Obsessive Compulsive Disorder

I refer the reader to an article in the May-June 2009 Utne Reader written by Andrew Westoll entitled “The Mountain that Eats Men. Drinking with the Devil in a Bolivian Mine.”

The article is about Bolivian miners who descend thousands of feet below the earth to work in the silver, gold, zinc and copper mines, the work of which eventually sucks the life out of them through lung disease and nameless exhaustion. The miners work from dawn to dusk with welcome breaks of alcohol drink especially concocted for their macho appetites.

I compare the crushing weight of their tasks, the endlessness of their dark work lives, and the devilish totem they call Tio (uncle) who lives in the mine as a symbol of the Hell-like lives they lead to my mental illness called Obsessive Compulsive Disorder (OCD).

The parallels?

OCD is one of the most afflicting anxiety diseases one could have. It afflicts millions of Americans each year.

Once the disease takes control of one, it is a spiral down into the pits of any ones darkest parts. It seems like the disease never lets go. Even with treatment, it constantly needs tending to and doctoring…and even then it still grabs hold of one with its ceaseless lashes and insidious moments.

I can remember in the not so distant past, when my sister and I were compelled to obey the crazy-kid superstition of “Don’t step on the cracks (of the sidewalk) as it will break your mother’s back”. Looking back at the time, this little ritual seemed so innocuous but the juice behind it was intense and grew to be lethal. It grew to be a way to hide feelings and focus on distraction.

Soon afterwards came the ritual checking of cabinet doors, the compulsion to knock on the car door hand 6 times before entering, the rosary prayer rituals every Friday night before confession, the Spanish translations, the checking all the garbage can lids on our block to make sure they were secure and on and on.

The belief behind these useless habits were as various and nefarious as one can think: mom would die if we weren’t sidewalk -crack -careful or people would reject or abandon me if I didn’t translate words or keep a tight lid over everything, or bad things would happen to my family if I didn’t imagine a tragedy before it might happen.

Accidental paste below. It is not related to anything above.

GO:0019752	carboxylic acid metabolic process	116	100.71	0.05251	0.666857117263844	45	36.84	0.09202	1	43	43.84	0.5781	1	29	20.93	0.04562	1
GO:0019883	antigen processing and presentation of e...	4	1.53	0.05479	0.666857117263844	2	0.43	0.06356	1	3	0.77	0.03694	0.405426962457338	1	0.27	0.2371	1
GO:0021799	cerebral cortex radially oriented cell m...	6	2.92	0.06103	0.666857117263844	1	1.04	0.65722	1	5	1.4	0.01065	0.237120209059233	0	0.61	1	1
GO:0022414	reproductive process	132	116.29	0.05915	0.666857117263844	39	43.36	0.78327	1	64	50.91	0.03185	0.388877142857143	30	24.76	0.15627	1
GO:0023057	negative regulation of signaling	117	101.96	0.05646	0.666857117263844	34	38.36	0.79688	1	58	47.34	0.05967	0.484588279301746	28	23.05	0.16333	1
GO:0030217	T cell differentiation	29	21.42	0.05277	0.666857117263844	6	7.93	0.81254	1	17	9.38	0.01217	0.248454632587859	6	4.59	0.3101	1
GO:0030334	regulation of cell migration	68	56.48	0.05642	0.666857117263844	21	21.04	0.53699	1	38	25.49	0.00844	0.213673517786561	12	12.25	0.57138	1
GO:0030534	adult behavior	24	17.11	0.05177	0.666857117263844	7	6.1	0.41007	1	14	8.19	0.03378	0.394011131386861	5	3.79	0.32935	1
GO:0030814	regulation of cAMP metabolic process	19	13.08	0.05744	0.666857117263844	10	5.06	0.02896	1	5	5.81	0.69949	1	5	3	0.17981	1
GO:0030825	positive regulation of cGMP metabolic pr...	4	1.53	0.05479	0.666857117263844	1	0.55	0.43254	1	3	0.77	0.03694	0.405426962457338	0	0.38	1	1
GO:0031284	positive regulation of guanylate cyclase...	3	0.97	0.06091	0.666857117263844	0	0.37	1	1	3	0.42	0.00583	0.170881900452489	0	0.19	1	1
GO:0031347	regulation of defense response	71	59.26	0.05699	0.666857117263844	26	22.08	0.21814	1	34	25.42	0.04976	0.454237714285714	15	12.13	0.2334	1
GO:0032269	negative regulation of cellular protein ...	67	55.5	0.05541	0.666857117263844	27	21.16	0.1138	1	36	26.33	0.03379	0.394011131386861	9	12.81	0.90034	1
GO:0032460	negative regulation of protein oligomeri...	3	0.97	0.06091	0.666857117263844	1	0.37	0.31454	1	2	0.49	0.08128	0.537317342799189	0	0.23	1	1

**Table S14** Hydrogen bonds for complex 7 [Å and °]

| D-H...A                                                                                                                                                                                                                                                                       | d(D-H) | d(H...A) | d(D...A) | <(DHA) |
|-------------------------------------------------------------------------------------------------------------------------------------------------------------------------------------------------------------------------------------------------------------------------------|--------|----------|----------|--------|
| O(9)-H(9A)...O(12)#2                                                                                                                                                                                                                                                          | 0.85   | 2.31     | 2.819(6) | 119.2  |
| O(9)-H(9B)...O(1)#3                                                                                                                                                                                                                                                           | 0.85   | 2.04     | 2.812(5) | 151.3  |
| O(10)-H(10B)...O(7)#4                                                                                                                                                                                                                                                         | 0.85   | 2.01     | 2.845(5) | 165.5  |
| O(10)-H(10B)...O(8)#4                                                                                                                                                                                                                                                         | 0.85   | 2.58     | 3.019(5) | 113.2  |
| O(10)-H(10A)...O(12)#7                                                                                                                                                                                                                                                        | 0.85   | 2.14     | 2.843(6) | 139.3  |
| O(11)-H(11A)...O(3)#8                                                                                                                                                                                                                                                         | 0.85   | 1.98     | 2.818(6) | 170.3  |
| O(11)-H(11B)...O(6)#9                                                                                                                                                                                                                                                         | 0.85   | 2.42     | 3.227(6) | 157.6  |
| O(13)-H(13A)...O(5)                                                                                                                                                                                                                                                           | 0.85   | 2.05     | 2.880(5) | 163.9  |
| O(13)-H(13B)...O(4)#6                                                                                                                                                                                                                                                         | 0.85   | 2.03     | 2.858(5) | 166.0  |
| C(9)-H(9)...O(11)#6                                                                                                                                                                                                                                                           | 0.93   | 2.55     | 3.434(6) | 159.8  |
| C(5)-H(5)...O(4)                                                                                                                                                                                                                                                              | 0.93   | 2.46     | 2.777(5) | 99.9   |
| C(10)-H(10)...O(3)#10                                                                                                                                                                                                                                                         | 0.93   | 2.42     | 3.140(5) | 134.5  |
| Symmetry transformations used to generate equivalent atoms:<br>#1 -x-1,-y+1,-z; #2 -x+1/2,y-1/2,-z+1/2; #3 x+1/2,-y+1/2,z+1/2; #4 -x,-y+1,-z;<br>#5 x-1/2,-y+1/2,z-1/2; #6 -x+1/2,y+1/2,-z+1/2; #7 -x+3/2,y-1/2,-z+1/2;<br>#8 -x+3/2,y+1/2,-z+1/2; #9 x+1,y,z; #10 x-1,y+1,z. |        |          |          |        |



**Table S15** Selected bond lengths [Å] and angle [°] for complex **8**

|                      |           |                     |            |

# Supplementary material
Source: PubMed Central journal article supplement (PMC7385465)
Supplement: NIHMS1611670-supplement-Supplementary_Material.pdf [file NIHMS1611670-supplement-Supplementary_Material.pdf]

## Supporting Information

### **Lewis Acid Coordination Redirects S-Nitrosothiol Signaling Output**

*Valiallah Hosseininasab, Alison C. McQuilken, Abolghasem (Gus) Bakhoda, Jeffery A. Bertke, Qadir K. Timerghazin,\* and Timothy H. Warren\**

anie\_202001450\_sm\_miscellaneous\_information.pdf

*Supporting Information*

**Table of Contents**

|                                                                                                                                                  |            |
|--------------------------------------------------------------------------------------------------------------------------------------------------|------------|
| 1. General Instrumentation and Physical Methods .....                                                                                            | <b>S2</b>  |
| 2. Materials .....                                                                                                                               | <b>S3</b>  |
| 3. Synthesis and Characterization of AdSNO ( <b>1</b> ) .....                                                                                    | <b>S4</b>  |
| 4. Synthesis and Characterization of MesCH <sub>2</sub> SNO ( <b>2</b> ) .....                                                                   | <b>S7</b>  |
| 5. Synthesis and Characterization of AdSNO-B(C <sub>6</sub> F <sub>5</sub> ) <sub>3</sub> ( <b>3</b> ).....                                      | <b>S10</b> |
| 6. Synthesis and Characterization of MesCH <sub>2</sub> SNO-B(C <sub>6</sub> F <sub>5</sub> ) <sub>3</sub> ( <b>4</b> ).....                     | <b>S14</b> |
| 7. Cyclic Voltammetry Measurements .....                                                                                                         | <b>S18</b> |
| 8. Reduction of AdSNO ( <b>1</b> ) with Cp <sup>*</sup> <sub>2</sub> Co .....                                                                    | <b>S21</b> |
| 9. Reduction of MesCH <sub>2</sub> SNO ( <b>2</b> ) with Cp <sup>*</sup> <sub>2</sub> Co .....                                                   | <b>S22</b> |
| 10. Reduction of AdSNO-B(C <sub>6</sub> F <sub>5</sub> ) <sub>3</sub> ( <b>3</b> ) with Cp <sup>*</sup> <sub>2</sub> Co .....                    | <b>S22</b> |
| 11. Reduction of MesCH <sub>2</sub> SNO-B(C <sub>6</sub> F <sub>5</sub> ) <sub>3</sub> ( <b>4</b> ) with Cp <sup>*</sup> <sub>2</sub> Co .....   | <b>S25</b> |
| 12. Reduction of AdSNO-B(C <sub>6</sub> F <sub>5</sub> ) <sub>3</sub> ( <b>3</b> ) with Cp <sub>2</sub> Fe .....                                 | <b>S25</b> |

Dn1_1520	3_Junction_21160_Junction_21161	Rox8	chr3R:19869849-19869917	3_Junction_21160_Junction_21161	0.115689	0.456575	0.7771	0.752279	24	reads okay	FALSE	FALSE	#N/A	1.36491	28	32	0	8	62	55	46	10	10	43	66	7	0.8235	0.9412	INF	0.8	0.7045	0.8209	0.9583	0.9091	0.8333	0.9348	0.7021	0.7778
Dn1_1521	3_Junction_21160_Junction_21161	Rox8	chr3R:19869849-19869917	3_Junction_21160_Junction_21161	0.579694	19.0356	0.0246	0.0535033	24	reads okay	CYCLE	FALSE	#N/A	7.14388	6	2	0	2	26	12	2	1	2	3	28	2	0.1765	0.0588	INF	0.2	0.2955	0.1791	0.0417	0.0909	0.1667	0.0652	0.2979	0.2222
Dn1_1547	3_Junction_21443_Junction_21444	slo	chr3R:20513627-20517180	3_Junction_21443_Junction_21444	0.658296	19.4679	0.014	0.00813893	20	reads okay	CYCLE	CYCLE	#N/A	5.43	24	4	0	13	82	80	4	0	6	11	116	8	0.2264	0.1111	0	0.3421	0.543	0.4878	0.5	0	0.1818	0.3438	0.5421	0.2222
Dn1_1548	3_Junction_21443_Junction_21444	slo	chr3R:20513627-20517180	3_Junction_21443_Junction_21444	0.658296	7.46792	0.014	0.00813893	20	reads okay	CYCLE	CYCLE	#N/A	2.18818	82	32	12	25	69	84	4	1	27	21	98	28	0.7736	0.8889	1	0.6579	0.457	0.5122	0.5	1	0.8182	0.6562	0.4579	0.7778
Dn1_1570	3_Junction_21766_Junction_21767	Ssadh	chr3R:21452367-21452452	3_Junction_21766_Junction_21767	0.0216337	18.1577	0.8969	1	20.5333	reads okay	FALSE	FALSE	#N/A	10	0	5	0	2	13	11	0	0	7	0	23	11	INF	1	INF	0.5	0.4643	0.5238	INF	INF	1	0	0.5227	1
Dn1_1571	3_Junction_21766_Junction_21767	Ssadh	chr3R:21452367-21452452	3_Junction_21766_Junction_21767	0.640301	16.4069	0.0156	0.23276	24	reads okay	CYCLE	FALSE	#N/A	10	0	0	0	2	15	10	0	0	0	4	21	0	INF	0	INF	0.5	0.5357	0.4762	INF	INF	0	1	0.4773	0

One of the most eroding aspects of this disease is secrecy, shame, and embarrassment. Unlike depression or visible panic and anxiety, this anxiety disease manifests itself in rituals and superstitions that are so exotic and bizarre, one dares not to mention them out loud to anyone, sometimes including to oneself.

Who wouldn’t think anyone who goes around checking garbage can lids int he middle of the night, wasn’t out of his/her mind? Or someone who is a germ phobic washing his/her hands 50 or more times a day wasn’t a little odd? Or in the case of Howard Hughes, not allowing any human to touch or approach him for fear of becoming contaminated:

Secrecy. Nobody must know. This adds to the isolation and social retreat.

The claws that reach behind this chaotic disease is fear. Fear that bad things will happen if you aren’t driven to do the acts. Fear of being out of control. The ritual becomes a distraction so one doesn’t have to face the helplessness and vulnerability of the fear. It’s a good defense if only it didn’t control us.

Really nothing can compare to the hard-core life of the Bolivian miner. In many ways the COD survivor has to take responsibility for one’s illness and seek treatment. The miners don’t have that luxury.